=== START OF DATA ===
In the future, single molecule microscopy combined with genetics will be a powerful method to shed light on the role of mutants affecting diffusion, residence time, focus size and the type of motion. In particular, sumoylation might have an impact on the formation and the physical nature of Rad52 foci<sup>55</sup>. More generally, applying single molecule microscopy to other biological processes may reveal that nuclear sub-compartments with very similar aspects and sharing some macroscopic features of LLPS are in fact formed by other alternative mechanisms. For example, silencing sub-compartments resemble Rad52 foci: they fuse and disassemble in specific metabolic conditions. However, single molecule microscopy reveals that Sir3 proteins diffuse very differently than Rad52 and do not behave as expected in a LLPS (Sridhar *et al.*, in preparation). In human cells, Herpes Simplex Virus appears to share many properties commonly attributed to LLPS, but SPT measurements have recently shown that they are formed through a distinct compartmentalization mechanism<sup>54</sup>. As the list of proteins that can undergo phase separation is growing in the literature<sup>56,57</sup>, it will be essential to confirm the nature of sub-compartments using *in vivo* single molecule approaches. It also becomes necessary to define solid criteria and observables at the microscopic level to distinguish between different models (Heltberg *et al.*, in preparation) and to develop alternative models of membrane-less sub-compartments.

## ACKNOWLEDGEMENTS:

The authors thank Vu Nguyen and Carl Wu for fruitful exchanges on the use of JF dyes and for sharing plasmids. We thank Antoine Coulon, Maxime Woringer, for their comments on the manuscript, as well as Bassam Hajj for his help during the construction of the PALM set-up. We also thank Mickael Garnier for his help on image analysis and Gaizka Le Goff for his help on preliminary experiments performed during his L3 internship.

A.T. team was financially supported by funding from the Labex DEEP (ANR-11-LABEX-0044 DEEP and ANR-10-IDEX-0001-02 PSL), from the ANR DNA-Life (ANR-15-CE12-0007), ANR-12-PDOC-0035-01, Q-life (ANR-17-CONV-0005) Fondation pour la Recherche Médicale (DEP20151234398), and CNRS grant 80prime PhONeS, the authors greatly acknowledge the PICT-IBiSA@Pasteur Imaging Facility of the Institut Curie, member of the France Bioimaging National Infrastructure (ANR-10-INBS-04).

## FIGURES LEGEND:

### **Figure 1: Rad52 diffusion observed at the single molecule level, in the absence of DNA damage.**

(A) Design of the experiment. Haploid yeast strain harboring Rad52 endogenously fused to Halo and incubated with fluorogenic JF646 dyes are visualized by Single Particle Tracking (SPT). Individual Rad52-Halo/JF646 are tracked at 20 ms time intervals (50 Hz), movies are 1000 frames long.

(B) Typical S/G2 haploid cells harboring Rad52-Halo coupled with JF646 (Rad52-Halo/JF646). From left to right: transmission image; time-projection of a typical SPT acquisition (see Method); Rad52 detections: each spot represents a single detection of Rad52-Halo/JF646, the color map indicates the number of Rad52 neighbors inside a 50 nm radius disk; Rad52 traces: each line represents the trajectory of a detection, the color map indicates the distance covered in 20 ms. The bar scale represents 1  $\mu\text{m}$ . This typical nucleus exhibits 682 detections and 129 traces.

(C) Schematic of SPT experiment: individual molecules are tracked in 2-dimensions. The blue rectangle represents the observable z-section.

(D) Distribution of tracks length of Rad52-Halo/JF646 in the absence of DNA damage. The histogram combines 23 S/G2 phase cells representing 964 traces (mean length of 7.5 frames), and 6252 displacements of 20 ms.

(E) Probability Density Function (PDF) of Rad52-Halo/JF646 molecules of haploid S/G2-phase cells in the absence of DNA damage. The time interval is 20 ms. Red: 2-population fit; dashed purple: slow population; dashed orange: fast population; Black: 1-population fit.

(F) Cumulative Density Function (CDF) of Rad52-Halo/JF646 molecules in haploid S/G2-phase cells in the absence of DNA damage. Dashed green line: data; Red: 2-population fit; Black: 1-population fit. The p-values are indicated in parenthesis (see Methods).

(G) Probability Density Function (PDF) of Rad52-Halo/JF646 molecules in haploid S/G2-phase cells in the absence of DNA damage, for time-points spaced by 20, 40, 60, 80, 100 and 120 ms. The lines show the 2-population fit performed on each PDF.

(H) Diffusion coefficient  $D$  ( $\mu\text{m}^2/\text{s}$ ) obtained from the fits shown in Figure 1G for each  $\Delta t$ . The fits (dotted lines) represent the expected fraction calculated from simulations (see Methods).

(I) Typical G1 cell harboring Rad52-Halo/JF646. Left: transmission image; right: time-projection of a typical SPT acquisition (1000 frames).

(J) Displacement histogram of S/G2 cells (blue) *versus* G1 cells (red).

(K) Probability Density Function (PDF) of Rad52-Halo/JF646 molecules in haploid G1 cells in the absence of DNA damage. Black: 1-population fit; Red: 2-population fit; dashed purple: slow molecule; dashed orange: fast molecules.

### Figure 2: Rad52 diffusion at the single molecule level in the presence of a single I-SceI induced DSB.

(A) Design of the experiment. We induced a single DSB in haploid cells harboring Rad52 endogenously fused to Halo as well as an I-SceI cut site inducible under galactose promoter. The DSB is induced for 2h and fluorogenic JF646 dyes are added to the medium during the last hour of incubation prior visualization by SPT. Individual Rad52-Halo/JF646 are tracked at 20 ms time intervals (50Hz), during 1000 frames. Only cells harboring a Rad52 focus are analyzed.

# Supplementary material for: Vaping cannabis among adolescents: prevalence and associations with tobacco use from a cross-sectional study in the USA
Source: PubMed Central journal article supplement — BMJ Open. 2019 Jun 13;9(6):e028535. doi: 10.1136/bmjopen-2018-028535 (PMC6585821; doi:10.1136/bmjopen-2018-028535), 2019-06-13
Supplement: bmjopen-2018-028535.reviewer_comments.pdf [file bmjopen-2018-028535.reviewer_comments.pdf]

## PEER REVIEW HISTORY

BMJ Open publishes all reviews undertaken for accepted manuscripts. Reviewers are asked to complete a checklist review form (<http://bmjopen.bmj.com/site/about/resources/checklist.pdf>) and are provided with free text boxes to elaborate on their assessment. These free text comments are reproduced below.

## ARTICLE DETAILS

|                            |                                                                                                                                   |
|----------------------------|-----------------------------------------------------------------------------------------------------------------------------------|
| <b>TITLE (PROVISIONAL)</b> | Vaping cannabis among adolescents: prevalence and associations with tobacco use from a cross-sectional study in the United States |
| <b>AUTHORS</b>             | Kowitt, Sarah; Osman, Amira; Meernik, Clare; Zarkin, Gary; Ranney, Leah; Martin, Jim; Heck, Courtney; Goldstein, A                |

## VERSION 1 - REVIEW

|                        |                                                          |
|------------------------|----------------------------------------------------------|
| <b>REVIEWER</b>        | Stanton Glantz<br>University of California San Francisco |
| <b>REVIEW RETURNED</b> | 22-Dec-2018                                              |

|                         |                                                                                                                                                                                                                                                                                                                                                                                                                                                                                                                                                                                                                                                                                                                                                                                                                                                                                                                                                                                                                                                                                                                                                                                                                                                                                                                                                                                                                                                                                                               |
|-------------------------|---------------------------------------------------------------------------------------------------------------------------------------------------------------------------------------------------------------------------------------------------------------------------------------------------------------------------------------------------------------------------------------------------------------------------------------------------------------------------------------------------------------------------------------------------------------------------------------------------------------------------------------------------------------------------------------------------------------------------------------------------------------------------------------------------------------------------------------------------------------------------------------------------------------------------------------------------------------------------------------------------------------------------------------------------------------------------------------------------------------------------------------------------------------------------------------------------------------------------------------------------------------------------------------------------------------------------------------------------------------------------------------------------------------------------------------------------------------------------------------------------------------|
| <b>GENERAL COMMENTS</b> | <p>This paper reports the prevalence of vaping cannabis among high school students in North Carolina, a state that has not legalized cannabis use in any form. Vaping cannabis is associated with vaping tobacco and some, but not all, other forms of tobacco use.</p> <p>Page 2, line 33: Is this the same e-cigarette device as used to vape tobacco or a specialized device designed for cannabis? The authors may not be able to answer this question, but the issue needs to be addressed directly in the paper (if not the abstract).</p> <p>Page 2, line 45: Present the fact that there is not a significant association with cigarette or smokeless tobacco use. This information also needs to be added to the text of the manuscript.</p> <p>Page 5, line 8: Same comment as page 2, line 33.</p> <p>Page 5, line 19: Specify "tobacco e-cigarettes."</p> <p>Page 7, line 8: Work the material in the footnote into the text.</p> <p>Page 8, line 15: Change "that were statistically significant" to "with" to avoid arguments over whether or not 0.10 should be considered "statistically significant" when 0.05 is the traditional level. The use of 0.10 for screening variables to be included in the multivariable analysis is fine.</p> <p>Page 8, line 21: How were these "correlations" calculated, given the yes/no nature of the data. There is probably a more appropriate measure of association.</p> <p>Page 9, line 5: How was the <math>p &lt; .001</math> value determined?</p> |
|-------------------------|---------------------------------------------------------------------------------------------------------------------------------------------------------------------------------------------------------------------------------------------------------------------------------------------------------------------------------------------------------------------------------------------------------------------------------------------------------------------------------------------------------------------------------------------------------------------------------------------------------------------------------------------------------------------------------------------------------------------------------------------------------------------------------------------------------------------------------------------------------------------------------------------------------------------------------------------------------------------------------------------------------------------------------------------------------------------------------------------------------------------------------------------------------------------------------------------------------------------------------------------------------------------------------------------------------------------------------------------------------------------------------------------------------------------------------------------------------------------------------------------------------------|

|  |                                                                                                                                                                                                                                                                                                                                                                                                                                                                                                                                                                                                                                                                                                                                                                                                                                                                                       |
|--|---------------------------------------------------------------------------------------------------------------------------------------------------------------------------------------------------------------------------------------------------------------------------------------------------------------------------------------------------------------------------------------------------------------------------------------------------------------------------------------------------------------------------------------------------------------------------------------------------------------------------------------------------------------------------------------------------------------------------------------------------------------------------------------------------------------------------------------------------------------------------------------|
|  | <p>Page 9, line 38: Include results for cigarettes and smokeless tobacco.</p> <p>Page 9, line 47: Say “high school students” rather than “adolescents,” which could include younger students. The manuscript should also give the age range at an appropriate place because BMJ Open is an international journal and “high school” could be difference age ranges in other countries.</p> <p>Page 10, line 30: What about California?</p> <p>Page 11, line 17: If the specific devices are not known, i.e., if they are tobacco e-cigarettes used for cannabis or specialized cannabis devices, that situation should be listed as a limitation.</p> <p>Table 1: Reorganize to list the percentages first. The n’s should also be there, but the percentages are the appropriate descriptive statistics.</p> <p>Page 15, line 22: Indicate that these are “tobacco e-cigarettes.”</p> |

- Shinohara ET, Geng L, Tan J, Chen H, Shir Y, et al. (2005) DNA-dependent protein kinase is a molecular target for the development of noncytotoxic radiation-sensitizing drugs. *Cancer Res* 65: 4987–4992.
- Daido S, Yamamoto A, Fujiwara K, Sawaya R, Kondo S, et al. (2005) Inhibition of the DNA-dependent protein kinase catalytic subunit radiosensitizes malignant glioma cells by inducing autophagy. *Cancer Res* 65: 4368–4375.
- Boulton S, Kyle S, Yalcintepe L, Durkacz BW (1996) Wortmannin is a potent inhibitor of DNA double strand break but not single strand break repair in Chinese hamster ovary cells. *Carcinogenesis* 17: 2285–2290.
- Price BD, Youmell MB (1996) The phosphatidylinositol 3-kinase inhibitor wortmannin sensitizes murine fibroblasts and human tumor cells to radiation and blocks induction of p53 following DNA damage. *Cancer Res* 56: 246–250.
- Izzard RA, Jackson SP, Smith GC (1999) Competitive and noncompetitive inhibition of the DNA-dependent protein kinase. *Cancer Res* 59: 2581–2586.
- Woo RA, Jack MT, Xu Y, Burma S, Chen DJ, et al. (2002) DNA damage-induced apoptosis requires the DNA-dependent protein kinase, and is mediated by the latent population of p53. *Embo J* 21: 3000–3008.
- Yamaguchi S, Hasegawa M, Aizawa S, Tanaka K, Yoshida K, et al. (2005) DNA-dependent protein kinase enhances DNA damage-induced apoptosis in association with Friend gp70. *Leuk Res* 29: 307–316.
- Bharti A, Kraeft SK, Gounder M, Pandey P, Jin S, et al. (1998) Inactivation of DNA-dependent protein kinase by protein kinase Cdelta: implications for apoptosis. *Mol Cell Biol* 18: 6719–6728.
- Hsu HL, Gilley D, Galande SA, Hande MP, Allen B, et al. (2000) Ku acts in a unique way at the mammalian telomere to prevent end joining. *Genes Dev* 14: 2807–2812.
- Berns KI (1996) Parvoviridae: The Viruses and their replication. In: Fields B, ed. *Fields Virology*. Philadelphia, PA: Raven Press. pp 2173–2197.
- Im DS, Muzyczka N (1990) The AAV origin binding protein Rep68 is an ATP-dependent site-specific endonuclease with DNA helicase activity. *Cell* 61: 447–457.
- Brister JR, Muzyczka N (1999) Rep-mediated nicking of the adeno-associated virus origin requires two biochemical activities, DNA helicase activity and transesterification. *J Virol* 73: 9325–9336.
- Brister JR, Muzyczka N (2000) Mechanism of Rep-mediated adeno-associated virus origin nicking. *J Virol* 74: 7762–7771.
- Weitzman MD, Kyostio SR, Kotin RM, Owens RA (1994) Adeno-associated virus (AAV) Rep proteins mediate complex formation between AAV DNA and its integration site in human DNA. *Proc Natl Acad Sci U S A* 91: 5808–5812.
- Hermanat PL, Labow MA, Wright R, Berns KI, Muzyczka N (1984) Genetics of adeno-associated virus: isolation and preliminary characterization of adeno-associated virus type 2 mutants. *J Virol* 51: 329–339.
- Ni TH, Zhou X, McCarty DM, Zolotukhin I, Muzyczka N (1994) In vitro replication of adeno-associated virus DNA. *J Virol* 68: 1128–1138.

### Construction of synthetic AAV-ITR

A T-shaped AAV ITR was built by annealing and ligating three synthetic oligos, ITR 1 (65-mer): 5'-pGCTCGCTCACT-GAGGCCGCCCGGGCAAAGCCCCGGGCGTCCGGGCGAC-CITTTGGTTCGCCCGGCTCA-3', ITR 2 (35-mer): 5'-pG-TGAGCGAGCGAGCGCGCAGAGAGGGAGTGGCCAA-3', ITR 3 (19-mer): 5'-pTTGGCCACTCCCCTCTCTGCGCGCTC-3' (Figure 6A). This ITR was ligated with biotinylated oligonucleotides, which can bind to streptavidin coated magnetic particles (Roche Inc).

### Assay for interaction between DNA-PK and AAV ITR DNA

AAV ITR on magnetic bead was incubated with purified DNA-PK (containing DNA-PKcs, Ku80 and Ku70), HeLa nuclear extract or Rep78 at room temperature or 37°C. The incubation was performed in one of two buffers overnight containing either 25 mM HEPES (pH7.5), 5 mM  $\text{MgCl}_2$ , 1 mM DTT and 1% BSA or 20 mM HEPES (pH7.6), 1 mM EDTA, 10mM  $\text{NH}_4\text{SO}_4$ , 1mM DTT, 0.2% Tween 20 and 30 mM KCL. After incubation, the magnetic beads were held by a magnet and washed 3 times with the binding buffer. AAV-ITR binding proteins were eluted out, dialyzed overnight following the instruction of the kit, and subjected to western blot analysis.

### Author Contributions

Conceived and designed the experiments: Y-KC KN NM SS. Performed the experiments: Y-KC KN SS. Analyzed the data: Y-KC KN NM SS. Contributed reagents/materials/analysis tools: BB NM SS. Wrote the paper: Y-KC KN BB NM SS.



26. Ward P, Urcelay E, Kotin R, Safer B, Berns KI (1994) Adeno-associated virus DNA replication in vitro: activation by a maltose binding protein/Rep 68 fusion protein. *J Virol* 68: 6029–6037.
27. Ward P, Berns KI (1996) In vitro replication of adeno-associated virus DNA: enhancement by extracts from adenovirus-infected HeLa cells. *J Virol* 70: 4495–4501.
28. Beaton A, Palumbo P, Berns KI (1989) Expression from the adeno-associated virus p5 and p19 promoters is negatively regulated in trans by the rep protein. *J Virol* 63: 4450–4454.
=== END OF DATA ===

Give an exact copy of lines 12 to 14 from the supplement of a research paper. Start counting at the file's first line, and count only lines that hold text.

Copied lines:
(F) Cumulative Density Function (CDF) of Rad52-Halo/JF646 molecules in haploid S/G2-phase cells in the absence of DNA damage. Dashed green line: data; Red: 2-population fit; Black: 1-population fit. The p-values are indicated in parenthesis (see Methods).

(G) Probability Density Function (PDF) of Rad52-Halo/JF646 molecules in haploid S/G2-phase cells in the absence of DNA damage, for time-points spaced by 20, 40, 60, 80, 100 and 120 ms. The lines show the 2-population fit performed on each PDF.

(H) Diffusion coefficient  $D$  ( $\mu\text{m}^2/\text{s}$ ) obtained from the fits shown in Figure 1G for each  $\Delta t$ . The fits (dotted lines) represent the expected fraction calculated from simulations (see Methods).